Probably, the most common symptom associated with a bad regulator is flickering, dimming, or pulsing lights. To be more specific, you may notice that the vehicle’s: Headlights fluctuate between bright and dim, without you doing anything. High beam isn’t working as expected.
They usually fail because they’re under rated for the constant current draw. Running the motor with the battery disconnected – or even a poor contact on the battery terminals – can also blow them.
A shorted battery cell will kill the alternator, or regulator if you run the bike.
The modern charging system hasn’t changed much in over 40 years. It consists of the alternator, regulator (which is usually mounted inside the alternator) and the interconnecting wiring.
The alternator will generate power to operate the electrical system plus keep the battery charged. The purpose of the voltage regulator is to regulate the amount of power output from the alternator. … With regulators for the alternator system, voltage limiting is the means of controlling output.
A bad voltage regulator may cause it to simply not work or behave erratically. You’re not likely to be able to start the car at all, but even if you could, it wouldn’t be wise to do so without knowing how fast you’re driving, how much fuel you have left, and other critical info.
Between $345 and $386 is the average cost for a voltage regulator replacement. Labor costs are between $155 and $196 and parts are priced at $190.
The best way to test a voltage regulator is with a multimeter, and what you do is you put your multimeter clamps directly on the battery terminals. Positive read to positive and black to negative. And you said it to voltage, and with the car off, you should have a little over 12 volts. That’s that’s a healthy battery.
Depending on the location of the regulator rectifier, the part can easily overheat. … Ground connections are important for good voltage, and if there is faulty voltage, the regulator rectifier can run hot. Bad grounding, corroded battery connection and poor or loose battery connections will cause faulty voltage.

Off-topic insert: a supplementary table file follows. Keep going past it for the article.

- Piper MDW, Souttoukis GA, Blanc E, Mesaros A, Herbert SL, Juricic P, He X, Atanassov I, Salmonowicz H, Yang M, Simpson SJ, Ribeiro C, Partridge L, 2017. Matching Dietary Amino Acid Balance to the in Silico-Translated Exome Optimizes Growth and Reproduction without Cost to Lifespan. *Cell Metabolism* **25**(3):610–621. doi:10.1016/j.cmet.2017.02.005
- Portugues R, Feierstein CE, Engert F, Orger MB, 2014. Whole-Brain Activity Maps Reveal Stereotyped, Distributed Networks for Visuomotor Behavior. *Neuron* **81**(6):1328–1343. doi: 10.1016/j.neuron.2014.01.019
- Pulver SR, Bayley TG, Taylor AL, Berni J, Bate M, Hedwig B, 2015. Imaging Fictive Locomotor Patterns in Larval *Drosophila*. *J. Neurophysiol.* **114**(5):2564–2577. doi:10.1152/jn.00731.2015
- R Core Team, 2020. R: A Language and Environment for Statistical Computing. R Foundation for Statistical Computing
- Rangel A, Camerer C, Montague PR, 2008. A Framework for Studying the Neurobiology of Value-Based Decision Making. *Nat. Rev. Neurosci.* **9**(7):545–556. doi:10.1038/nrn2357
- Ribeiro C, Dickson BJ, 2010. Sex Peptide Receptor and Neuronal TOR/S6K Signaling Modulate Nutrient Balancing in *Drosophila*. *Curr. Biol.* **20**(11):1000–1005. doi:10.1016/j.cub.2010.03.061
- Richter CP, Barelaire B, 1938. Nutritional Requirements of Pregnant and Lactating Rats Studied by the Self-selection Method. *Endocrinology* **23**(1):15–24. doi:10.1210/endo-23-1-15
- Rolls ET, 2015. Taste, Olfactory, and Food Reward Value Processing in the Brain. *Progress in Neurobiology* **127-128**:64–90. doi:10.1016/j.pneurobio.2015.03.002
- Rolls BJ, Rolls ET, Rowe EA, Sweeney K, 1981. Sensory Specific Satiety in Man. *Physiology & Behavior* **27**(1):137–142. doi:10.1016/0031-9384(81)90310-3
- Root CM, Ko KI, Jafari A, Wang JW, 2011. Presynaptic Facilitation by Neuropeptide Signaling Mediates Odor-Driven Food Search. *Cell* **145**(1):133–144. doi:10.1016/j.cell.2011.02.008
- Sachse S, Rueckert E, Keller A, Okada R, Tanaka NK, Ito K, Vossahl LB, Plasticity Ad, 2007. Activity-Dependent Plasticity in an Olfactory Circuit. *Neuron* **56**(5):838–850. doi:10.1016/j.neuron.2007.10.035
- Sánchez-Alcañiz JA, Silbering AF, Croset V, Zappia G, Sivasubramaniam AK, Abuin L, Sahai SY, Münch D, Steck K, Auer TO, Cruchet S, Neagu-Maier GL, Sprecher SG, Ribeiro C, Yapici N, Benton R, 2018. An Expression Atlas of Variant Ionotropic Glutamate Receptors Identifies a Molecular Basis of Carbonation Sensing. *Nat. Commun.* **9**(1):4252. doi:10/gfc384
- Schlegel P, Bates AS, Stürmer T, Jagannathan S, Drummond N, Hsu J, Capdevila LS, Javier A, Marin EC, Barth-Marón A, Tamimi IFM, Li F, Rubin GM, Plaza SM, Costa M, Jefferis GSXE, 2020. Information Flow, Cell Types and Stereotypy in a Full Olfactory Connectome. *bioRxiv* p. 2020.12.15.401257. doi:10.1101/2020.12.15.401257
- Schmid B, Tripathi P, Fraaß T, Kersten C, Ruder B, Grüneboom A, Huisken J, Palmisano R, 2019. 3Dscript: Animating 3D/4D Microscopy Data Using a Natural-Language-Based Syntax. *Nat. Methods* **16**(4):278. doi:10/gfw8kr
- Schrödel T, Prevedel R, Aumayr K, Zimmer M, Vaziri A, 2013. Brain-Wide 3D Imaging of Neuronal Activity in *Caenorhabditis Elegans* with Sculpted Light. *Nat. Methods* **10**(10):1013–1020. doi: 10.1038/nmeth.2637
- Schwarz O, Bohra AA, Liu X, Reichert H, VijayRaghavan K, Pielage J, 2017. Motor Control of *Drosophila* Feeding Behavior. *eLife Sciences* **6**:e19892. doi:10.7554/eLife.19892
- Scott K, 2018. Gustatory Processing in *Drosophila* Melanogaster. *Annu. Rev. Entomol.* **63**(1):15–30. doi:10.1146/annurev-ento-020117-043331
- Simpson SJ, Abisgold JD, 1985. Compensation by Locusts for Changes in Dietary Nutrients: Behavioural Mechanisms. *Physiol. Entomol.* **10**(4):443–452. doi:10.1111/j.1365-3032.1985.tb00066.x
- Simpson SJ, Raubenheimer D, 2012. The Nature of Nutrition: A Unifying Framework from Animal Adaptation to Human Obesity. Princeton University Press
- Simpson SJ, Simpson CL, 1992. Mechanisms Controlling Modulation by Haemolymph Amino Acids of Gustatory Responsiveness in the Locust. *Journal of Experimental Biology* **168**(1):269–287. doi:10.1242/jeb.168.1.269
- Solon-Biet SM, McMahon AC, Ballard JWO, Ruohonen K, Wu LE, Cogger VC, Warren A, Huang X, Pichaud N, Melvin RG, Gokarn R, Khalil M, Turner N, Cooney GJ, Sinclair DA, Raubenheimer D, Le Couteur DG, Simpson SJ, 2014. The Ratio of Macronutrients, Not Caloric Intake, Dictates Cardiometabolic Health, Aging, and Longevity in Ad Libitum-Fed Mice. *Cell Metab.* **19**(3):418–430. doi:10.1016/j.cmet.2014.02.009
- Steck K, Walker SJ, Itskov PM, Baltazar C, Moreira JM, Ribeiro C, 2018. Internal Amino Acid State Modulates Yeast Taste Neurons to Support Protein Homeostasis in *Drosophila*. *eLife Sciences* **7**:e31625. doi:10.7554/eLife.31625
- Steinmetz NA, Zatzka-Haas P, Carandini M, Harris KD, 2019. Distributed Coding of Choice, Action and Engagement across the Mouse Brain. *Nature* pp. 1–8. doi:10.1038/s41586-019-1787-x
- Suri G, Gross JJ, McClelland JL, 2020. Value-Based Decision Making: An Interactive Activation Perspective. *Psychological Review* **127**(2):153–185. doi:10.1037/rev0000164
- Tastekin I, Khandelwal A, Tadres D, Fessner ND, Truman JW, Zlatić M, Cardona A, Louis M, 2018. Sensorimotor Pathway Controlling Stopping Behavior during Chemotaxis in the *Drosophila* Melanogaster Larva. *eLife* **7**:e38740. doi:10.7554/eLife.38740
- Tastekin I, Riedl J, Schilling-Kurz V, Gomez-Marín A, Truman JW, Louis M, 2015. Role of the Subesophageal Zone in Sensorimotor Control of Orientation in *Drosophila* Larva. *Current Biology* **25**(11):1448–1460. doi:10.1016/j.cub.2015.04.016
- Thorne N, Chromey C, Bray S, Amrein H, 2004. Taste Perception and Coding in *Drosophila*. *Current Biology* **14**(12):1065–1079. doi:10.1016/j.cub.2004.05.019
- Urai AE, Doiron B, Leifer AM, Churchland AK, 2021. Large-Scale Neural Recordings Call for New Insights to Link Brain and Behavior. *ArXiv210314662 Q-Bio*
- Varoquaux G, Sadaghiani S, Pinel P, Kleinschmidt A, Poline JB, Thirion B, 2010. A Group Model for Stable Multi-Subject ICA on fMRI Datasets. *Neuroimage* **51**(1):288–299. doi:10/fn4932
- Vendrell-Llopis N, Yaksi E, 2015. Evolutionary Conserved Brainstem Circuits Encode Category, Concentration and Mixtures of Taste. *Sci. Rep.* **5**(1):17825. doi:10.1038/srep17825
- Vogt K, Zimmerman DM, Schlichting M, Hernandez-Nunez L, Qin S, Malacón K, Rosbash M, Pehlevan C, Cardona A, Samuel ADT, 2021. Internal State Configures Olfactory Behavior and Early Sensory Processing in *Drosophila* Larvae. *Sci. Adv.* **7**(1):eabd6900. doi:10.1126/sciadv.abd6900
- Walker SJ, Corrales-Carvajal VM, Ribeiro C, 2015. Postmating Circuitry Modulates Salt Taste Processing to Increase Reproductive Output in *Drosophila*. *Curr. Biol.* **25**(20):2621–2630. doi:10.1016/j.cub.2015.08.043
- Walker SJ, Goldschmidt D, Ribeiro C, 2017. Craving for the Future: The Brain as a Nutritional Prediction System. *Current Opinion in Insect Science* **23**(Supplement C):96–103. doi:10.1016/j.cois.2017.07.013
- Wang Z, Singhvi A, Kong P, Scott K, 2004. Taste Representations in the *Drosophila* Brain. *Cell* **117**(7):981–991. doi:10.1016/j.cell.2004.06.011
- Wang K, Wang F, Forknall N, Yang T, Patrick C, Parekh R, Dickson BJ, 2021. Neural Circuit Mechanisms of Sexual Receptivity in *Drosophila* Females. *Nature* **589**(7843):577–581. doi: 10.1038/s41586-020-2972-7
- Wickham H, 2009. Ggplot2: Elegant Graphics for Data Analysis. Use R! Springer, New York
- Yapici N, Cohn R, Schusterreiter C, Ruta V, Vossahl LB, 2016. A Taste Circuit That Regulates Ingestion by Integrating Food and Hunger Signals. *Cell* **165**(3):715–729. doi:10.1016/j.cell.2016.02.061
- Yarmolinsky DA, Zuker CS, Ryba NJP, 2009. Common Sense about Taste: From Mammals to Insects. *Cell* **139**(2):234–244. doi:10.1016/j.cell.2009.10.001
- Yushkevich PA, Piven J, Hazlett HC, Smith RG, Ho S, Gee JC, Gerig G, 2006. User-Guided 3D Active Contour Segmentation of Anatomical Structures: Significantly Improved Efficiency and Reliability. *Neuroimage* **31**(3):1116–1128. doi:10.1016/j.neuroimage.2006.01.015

To test your vehicle’s voltage regulator, you’ll need a multimeter, which reads the voltage running through your battery. When you have one, attach the multimeter’s clamps to your vehicle’s battery. Then, set your multimeter to voltage, and look for a reading of just over 12 volts.
You may be able to drive with a bad voltage regulator—but not for long. If the regulator is causing low charging system output, the battery will eventually become discharged and the vehicle will no longer run. … What’s more, higher than normal charging system output can damage the battery and other electrical components.
Many components such as the fuel pump, ignition system, or other parts which require a minimum amount of voltage to function correctly, can be caused by a bad regulator. When you need it, the engine may sputtering, a rough idling, or simply lack of acceleration.
Bad Voltage regulator can affect the ignition and cause a no spark condition. If you have a bad regulator, it may cause many components such as the fuel pump, ignition system, or other parts which require a minimum amount of voltage to not function correctly.
For the most part, the instrument voltage regulator is supposed to last for the life of the car. Like with any other electrical component of a car, eventually this voltage regulator will begin to show signs of damage.
A battery that is not holding a charge can cause the voltage regulator/rectifier to fail as it charges at maximum output constantly trying to bring the battery voltage up; fully charging the battery then running a load test will reveal if the battery is breaking down under load (and this can be a problem even with a …
Every AutoZone in the USA will check your alternator, starter, or battery at no charge.
The voltage output reading should be about 0.5 volts higher than your battery’s open circuit voltage. Most voltage regulators are calibrated to output between 13.5 and 15.5 charging volts on a fully charged battery at normal temperature with no accessories or lights on.
By the way, how do you test a 6 volt voltage regulator? With the engine off, connect the positive probe of the multimeter to the positive pole of the battery and the negative pole to the negative pole. The multimeter should read over 6 volts with a few tenths of 6.4-6.8 volts, indicating a healthy battery.
One issue is loose cables where they connect to the battery posts. A loose connection makes a battery work harder, thereby draining it of power more quickly. Cleaning the posts and tightening the connections should renew the battery’s ability to hold a charge. A larger problem is a cracked battery case.
Is Your Lawn Mower or Small Engine Battery Dead? If your lawn mower battery won’t hold a charge, connect it to the charger. If it isn’t fully charged within 8 hours, your battery is dead and you’ll need to replace it. … If it holds the charge through testing, you may have an issue with the alternator.
If your engine won’t turn over or takes far longer than usual, it’s time to grab the jumper cables and attempt a jump-start. If your engine starts and stays running but won’t start again later, it’s likely a battery problem. If your vehicle immediately stalls, it’s probably a bad alternator.
If the engine starts but dies immediately, your alternator probably isn’t keeping your battery charged. If a jump starts and keeps your car running, but the car can’t start again off of its own power, a dead battery is likely your answer.
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